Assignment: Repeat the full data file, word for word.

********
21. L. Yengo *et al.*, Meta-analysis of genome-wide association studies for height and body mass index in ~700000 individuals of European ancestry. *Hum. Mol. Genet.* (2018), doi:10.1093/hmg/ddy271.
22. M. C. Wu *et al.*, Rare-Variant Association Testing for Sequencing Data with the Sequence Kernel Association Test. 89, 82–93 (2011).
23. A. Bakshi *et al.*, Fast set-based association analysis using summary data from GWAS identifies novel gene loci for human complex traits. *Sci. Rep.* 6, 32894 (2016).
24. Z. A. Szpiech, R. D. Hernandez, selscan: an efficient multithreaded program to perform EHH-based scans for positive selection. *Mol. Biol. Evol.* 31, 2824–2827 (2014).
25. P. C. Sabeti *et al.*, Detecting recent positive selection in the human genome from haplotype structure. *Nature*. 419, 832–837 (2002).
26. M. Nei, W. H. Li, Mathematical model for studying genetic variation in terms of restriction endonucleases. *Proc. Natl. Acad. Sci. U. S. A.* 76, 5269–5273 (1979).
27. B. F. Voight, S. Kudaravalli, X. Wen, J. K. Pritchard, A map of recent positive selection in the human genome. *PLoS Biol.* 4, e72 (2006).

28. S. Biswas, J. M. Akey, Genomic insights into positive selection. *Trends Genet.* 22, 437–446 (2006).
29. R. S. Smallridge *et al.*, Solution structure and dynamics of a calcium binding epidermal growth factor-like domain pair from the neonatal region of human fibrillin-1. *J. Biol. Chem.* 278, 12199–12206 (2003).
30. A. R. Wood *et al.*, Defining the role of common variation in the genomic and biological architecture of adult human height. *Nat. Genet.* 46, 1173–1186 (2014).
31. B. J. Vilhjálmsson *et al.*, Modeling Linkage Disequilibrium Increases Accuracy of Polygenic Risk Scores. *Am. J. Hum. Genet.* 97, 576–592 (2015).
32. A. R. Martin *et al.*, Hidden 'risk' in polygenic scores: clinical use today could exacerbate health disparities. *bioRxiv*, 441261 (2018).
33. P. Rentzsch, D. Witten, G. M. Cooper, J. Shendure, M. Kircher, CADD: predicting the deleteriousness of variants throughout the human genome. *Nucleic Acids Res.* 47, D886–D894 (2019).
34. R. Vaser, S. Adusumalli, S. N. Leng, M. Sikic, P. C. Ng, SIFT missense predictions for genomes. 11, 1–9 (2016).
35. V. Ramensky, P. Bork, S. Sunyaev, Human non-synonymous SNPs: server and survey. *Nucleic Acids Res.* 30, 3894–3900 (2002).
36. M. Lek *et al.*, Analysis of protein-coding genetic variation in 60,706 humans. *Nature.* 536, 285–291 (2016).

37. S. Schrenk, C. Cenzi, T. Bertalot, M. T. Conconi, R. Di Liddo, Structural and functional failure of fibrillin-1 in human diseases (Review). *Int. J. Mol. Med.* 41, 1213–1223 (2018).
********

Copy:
21. L. Yengo *et al.*, Meta-analysis of genome-wide association studies for height and body mass index in ~700000 individuals of European ancestry. *Hum. Mol. Genet.* (2018), doi:10.1093/hmg/ddy271.
22. M. C. Wu *et al.*, Rare-Variant Association Testing for Sequencing Data with the Sequence Kernel Association Test. 89, 82–93 (2011).
23. A. Bakshi *et al.*, Fast set-based association analysis using summary data from GWAS identifies novel gene loci for human complex traits. *Sci. Rep.* 6, 32894 (2016).
24. Z. A. Szpiech, R. D. Hernandez, selscan: an efficient multithreaded program to perform EHH-based scans for positive selection. *Mol. Biol. Evol.* 31, 2824–2827 (2014).
25. P. C. Sabeti *et al.*, Detecting recent positive selection in the human genome from haplotype structure. *Nature*. 419, 832–837 (2002).
26. M. Nei, W. H. Li, Mathematical model for studying genetic variation in terms of restriction endonucleases. *Proc. Natl. Acad. Sci. U. S. A.* 76, 5269–5273 (1979).
27. B. F. Voight, S. Kudaravalli, X. Wen, J. K. Pritchard, A map of recent positive selection in the human genome. *PLoS Biol.* 4, e72 (2006).

28. S. Biswas, J. M. Akey, Genomic insights into positive selection. *Trends Genet.* 22, 437–446 (2006).
29. R. S. Smallridge *et al.*, Solution structure and dynamics of a calcium binding epidermal growth factor-like domain pair from the neonatal region of human fibrillin-1. *J. Biol. Chem.* 278, 12199–12206 (2003).
30. A. R. Wood *et al.*, Defining the role of common variation in the genomic and biological architecture of adult human height. *Nat. Genet.* 46, 1173–1186 (2014).
31. B. J. Vilhjálmsson *et al.*, Modeling Linkage Disequilibrium Increases Accuracy of Polygenic Risk Scores. *Am. J. Hum. Genet.* 97, 576–592 (2015).
32. A. R. Martin *et al.*, Hidden 'risk' in polygenic scores: clinical use today could exacerbate health disparities. *bioRxiv*, 441261 (2018).
33. P. Rentzsch, D. Witten, G. M. Cooper, J. Shendure, M. Kircher, CADD: predicting the deleteriousness of variants throughout the human genome. *Nucleic Acids Res.* 47, D886–D894 (2019).
34. R. Vaser, S. Adusumalli, S. N. Leng, M. Sikic, P. C. Ng, SIFT missense predictions for genomes. 11, 1–9 (2016).
35. V. Ramensky, P. Bork, S. Sunyaev, Human non-synonymous SNPs: server and survey. *Nucleic Acids Res.* 30, 3894–3900 (2002).
36. M. Lek *et al.*, Analysis of protein-coding genetic variation in 60,706 humans. *Nature.* 536, 285–291 (2016).

37. S. Schrenk, C. Cenzi, T. Bertalot, M. T. Conconi, R. Di Liddo, Structural and functional failure of fibrillin-1 in human diseases (Review). *Int. J. Mol. Med.* 41, 1213–1223 (2018).